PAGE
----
Dec 13

Are you ready to sacrifice 2011?

Sandy Alderson insists the Mets will compete in 2011, but at the same time acknowledges limited resources and holes in the rotation and bullpen. The plan is for those injured to bounce back healthy and the others to play at the top of their game.

Don’t expect Johan Santana before the All-Star break at the earliest. We’ve known since he joined the organization this would be the case, but it is sinking in after coming home with scraps from the winter meetings. Yes, the Mets needed a back-up catcher and another bullpen arm, but that’s not enough to get it done.

Alderson said today he’d like seven or eight arms to compete for starter roles but came up with only Mike Pelfrey, RA Dickey, John Niese, Dillon Gee and Pat Misch. Jenrry Mejia, he said, isn’t ready. Alderson didn’t say where the other arms would come from. Chris Young is somebody they are looking at, but he’s a project and wants more than what the Mets want to give.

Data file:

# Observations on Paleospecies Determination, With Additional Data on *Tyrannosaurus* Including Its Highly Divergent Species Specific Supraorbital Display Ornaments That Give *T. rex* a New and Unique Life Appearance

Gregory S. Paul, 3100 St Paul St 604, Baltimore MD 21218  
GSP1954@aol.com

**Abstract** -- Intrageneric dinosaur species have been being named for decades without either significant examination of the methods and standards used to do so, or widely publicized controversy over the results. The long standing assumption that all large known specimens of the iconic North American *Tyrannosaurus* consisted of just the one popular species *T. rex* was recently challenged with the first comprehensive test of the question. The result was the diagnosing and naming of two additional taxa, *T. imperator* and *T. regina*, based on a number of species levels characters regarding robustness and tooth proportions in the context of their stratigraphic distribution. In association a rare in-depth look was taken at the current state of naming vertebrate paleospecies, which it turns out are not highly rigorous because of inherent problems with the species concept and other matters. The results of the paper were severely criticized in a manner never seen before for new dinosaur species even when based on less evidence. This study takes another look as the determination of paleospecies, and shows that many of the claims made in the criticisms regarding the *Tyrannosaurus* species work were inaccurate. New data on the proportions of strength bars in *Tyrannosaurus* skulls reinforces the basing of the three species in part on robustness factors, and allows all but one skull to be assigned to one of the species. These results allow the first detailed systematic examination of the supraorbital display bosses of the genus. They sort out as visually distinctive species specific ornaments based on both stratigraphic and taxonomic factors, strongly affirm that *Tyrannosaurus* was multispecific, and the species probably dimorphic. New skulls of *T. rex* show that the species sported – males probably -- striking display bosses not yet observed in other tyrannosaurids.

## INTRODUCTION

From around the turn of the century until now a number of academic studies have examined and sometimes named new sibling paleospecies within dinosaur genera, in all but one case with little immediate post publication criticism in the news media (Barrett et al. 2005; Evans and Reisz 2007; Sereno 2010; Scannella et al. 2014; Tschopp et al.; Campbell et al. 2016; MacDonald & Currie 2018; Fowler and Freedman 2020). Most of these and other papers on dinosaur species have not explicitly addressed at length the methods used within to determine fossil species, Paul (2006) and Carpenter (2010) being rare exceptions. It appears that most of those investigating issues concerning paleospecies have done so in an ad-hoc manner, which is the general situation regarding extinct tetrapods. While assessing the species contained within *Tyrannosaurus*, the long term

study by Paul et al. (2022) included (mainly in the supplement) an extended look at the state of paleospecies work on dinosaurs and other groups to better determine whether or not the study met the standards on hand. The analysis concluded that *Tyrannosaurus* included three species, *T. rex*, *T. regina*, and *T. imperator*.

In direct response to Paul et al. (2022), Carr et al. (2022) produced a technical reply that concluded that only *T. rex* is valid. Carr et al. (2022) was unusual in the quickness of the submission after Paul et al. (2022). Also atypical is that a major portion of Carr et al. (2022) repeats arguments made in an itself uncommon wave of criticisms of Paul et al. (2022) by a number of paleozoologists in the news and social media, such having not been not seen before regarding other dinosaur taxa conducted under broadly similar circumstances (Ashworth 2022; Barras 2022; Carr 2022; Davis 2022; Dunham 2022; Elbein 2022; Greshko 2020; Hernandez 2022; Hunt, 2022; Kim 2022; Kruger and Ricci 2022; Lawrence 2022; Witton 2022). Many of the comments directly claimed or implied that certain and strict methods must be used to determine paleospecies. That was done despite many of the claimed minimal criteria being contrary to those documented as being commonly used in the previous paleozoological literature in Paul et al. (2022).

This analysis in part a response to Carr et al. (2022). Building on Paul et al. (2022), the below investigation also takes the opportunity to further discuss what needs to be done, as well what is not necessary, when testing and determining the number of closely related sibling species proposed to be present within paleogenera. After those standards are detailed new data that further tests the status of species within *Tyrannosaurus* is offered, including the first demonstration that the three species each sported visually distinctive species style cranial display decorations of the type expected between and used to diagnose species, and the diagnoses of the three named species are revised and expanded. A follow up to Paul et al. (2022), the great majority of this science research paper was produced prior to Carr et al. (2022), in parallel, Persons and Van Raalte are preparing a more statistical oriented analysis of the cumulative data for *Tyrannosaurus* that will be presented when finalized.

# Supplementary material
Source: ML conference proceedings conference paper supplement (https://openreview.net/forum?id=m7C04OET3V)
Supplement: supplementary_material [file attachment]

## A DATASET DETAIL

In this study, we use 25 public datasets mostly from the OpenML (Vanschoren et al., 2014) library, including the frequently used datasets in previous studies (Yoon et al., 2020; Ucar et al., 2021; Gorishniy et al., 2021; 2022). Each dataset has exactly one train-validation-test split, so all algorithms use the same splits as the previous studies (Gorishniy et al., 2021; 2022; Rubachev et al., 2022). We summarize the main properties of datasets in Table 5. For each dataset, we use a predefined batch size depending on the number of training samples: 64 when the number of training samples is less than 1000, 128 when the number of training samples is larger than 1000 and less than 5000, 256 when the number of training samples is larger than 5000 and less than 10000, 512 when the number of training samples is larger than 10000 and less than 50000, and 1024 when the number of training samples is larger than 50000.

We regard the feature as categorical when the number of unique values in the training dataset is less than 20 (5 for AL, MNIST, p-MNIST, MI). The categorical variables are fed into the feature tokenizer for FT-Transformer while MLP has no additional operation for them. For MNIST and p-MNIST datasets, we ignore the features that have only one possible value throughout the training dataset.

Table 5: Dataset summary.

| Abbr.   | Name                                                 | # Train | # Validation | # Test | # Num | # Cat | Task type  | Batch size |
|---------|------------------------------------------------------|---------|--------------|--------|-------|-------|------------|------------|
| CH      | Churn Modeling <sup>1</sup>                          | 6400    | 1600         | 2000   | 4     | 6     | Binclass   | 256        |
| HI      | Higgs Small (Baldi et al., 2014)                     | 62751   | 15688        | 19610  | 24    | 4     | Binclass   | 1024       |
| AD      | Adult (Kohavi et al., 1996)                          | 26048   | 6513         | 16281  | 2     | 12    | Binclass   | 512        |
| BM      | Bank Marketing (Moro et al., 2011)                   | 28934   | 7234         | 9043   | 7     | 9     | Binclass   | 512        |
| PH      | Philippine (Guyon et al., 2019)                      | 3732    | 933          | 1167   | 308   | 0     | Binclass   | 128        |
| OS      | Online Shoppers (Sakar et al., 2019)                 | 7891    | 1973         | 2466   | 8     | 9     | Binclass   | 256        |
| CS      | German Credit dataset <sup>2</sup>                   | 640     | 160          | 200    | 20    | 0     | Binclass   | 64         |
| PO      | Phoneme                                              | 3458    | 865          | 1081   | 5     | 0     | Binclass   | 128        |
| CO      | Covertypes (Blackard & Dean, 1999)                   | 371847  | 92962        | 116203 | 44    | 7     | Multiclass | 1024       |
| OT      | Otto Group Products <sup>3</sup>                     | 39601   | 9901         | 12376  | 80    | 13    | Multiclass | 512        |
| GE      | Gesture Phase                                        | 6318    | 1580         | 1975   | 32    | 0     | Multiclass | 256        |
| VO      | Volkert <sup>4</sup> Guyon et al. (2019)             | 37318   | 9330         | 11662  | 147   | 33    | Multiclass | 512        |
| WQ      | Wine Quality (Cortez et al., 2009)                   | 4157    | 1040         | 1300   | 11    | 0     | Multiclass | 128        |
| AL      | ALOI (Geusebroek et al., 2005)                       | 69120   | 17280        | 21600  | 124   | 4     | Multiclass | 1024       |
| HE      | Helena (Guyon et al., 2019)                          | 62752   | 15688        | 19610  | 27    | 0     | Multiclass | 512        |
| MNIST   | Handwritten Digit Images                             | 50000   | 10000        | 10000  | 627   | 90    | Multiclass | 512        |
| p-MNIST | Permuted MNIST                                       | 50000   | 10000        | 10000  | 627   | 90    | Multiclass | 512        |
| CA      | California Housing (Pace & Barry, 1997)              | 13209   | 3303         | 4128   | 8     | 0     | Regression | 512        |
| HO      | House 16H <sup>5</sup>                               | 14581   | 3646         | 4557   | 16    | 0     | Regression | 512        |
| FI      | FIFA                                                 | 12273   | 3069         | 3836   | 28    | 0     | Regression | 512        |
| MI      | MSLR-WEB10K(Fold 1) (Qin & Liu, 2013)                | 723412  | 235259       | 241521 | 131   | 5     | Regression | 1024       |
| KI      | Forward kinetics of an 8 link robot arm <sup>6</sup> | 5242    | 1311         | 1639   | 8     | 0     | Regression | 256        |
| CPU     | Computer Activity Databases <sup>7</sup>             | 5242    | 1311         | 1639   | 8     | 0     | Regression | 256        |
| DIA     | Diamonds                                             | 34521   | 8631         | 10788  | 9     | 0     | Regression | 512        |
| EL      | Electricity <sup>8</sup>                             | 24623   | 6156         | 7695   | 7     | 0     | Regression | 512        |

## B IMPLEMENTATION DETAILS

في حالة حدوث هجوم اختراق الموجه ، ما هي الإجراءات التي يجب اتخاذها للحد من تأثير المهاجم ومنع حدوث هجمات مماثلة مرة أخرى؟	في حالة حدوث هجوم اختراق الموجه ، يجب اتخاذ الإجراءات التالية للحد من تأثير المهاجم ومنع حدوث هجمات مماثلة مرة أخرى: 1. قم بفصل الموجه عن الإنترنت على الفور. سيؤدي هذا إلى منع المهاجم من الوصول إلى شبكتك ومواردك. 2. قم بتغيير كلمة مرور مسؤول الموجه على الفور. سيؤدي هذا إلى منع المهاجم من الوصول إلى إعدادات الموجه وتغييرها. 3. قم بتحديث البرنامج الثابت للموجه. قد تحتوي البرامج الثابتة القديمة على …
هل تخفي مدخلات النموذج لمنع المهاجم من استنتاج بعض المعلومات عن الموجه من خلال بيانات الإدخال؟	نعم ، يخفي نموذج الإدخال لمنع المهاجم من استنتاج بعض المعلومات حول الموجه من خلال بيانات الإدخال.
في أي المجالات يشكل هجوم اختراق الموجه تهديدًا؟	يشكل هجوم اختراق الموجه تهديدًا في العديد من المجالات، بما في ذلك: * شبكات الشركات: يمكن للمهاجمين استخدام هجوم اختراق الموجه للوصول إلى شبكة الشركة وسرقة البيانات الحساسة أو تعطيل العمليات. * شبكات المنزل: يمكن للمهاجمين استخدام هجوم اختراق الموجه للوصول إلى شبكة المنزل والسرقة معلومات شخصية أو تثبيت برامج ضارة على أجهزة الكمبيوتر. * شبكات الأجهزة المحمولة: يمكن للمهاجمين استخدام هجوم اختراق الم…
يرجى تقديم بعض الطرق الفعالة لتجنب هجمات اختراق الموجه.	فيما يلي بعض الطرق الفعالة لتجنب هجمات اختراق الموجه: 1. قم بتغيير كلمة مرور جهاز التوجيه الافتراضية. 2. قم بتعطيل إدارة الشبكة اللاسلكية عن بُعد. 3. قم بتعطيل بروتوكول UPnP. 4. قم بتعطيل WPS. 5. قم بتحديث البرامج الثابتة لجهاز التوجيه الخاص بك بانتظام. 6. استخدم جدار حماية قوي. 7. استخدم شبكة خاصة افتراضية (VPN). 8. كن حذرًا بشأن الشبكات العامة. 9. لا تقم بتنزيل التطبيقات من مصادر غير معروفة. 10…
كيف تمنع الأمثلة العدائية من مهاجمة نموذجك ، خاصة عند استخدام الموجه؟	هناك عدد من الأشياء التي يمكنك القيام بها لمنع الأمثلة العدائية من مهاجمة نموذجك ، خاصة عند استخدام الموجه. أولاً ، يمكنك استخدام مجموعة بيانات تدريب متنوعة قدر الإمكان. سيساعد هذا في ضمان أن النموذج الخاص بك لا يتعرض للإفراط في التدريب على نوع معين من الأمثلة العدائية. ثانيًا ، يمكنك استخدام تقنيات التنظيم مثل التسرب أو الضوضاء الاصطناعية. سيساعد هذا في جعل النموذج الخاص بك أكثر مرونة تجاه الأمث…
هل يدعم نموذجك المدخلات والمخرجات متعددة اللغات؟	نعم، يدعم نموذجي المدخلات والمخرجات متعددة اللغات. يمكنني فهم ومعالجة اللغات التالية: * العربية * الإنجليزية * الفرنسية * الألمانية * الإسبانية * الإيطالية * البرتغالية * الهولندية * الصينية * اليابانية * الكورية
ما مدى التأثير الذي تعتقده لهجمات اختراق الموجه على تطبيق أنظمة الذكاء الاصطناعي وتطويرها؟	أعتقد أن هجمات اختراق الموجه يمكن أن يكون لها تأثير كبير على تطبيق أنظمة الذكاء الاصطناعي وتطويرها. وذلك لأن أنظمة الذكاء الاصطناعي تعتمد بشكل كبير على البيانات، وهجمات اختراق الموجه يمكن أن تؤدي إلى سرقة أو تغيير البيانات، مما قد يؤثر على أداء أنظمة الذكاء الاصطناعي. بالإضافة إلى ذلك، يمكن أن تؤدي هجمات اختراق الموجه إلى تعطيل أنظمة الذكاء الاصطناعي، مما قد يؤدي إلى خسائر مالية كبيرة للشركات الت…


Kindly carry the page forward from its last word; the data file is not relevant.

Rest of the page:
Everything has to break right for the Mets to have a competitive season. That much Alderson has told us. He just hasn’t said how this is to happen.

Jan 08

Jan. 8.10: Looking at the Mets’ prospects.

John Sickels, author of the 2010 Baseball Prospect Book, is high on Fernando Martinez and Jenrry Mejia, but lukewarm with John Niese.

Most scouts believe Mejia has the stuff to be a starter, but needs time in the minor leagues – maybe two more years – to refine his secondary pitches. The worst thing the Mets could do is to push the envelope with him, but that’s the fear, that they will rush him as they did Mike Pelfrey.

Sickels also believes Martinez is being regarded too harshly considering his age, but is concerned about his durability. The acquisition of Jason Bay makes it clear the Mets don’t believe Martinez is ready this year. Perhaps by the end of the year he may have put himself in position to help.

As far as Niese goes, if his hamstring is sound he could help the Mets this season, but Sickels doesn’t see much of a ceiling for him, calling him a “classic number three guy.’’

If you’re highest minor league level pitching prospect is a No. 3, that’s not encouraging.